The final speaker of the event, Dr. Stephen Suomi, presented a talk titled “Modeling Human Developmental Processes in Monkeys.” His group uses the Rhesus monkey to correlate behavioral outcomes with underlying genetic differences within a species. He took the audience on an interesting journey, starting with the discovery of a single nucleotide polymorphism (SNP) in the serotonin transporter (a target of anti-depressants). A SNP is a single nucleotide variation in DNA that is common in a population and does not necessarily cause an overt change or problem. The discovery of a serotonin transporter SNP led to a culmination of studies that eventually proved that behavioral issues in humans can have a genetic cause.
During one such study in the early 1990’s, researchers observed that peer-reared monkeys (i.e., those that were not reared by their moms as infants) were not able to adjust to stress as well as the mother-reared controls. Amongst the peer-reared group, individuals who expressed a particular isoform (called the short isoform) of the serotonin receptor showed higher levels of aggression when stressed. The monkeys carrying this short isoform of the serotonin receptor also ingested more alcohol as compared to the control group. Parallel studies in human subjects showed that mothers who came from an underprivileged background and had low levels of education were at a higher risk of post-partum depression if they carried the short allele.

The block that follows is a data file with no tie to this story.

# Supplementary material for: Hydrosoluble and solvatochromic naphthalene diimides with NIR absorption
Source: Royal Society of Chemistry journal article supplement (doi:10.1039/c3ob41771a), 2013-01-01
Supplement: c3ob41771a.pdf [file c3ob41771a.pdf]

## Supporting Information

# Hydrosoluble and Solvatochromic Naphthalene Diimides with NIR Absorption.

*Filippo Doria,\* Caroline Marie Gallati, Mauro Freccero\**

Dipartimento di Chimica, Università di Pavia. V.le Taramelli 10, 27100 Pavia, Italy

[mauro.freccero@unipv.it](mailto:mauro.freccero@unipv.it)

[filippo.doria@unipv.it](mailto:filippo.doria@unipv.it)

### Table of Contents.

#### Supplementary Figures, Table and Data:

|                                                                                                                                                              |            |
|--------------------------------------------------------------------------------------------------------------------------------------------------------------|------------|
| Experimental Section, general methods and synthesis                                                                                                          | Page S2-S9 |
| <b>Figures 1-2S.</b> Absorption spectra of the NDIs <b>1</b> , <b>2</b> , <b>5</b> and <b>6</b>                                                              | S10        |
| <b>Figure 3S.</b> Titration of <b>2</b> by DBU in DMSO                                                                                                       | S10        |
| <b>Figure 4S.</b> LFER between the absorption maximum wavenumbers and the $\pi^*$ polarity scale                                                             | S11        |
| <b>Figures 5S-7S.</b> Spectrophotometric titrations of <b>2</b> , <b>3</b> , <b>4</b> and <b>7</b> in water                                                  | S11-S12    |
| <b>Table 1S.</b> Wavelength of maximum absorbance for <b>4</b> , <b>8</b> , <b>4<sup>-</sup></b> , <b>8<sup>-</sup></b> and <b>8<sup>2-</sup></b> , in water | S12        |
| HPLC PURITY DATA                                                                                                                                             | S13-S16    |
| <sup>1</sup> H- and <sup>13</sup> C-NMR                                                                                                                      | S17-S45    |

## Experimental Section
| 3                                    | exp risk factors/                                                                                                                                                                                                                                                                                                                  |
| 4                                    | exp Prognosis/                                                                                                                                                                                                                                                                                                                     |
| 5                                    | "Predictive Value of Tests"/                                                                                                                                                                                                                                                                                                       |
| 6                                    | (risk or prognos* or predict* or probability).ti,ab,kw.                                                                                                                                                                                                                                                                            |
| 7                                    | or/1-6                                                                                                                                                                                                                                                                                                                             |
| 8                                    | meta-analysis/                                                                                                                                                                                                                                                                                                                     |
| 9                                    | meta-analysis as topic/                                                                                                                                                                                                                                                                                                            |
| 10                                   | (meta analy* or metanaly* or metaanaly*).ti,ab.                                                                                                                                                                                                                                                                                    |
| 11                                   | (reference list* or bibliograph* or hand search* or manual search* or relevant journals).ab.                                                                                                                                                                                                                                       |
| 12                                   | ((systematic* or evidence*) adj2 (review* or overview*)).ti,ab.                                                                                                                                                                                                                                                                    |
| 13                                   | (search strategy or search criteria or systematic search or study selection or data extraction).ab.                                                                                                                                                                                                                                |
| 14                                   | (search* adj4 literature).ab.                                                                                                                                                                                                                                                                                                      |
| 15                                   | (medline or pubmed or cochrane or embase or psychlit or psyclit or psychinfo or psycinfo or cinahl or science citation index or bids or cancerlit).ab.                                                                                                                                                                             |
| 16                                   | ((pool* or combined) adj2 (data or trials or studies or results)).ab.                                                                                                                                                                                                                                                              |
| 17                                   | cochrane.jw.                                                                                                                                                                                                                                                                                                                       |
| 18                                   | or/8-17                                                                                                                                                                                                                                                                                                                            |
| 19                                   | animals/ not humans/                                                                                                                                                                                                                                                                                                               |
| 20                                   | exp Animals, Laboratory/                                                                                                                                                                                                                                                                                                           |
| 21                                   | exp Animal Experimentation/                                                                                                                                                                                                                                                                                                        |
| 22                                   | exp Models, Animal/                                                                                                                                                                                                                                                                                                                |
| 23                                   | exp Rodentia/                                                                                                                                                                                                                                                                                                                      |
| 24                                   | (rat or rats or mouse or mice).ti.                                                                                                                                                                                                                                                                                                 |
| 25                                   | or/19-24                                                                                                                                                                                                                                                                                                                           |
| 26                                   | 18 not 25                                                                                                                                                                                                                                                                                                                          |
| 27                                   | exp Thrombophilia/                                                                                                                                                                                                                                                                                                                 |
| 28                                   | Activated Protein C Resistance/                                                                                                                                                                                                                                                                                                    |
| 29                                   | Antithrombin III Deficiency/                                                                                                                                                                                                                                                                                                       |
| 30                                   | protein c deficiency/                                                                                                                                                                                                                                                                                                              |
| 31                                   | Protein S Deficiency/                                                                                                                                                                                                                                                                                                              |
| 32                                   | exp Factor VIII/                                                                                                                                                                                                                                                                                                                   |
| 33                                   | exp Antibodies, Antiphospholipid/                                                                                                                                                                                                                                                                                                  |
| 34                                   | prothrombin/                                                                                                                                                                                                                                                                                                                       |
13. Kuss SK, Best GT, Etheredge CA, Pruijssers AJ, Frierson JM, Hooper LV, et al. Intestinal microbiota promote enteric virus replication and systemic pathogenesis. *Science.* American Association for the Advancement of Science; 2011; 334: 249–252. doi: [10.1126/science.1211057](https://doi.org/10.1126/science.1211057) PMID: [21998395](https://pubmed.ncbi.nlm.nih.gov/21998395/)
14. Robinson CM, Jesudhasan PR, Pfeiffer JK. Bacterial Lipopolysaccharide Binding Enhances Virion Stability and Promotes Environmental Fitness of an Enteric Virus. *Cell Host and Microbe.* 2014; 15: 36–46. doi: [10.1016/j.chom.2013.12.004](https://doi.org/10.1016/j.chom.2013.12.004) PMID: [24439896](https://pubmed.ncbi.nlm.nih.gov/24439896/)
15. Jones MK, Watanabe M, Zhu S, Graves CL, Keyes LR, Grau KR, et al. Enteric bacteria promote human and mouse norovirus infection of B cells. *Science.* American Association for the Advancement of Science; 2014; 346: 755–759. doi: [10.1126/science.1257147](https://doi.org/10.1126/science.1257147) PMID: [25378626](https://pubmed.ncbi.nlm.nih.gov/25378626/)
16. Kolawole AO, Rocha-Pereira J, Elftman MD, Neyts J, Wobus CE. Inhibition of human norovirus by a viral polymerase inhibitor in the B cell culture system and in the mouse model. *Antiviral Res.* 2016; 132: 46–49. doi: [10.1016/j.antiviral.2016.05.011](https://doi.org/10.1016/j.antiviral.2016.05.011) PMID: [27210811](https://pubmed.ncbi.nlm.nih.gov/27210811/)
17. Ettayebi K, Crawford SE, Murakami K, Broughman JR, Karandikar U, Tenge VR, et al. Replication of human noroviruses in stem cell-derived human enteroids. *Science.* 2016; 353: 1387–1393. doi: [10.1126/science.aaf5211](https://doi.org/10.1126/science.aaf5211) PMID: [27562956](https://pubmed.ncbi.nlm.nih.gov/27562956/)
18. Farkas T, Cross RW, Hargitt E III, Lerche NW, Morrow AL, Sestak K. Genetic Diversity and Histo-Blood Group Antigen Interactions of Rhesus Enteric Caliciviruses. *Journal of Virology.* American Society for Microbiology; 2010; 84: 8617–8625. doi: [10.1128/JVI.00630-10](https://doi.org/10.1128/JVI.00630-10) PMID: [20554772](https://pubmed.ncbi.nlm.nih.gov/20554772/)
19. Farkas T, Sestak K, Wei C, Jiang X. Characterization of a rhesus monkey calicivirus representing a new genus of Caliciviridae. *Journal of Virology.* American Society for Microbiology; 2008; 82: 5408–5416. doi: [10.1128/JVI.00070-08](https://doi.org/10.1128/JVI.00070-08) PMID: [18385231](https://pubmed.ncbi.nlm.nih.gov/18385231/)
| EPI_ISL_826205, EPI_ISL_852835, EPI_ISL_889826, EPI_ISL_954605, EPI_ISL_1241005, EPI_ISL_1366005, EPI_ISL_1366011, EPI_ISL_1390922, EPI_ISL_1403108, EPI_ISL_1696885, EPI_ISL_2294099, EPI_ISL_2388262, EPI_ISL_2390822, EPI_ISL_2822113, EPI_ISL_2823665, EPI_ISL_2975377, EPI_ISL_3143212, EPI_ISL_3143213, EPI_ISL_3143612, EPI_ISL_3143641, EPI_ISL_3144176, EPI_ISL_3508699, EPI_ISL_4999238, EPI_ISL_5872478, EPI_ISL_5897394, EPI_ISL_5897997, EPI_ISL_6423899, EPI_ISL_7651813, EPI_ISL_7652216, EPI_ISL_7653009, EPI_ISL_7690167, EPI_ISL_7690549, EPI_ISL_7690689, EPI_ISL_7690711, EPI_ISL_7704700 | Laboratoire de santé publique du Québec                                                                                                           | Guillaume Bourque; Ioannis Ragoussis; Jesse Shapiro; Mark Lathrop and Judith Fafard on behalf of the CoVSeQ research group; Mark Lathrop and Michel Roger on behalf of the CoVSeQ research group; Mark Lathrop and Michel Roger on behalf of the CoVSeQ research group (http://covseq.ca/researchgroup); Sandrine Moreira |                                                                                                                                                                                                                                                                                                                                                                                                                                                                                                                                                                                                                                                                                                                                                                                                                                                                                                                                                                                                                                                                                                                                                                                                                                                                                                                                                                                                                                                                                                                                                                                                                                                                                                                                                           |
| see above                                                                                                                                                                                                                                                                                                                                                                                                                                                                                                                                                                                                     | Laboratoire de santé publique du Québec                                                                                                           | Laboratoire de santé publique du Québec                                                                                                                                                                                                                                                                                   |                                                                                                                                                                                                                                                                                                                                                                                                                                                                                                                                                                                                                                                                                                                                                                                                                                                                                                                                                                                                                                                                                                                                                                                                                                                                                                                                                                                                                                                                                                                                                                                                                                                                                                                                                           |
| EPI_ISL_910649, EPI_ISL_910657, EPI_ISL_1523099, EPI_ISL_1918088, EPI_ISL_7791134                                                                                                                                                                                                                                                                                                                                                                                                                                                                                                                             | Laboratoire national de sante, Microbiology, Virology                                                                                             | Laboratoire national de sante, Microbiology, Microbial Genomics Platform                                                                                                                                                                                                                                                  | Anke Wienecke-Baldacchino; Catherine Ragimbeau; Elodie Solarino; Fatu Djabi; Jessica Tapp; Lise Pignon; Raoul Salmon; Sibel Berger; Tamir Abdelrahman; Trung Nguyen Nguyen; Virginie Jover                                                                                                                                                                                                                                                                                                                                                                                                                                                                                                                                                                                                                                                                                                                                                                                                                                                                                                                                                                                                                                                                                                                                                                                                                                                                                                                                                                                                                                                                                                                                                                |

Ongoing animal studies are examining how an individual’s genetic architecture can influence behavior and sensitivity to social environment. Dr. Soumi’s presentation was a great example of how animal and human studies can go hand-in-hand to propel the field of behavioral genetics forward.
More and more similarities between model systems are coming to the forefront due to genomic sequencing efforts. As a result, model organisms are being characterized at increasing resolution, giving researchers the opportunity to harness the full potential of these systems to make inroads into complex biological problems.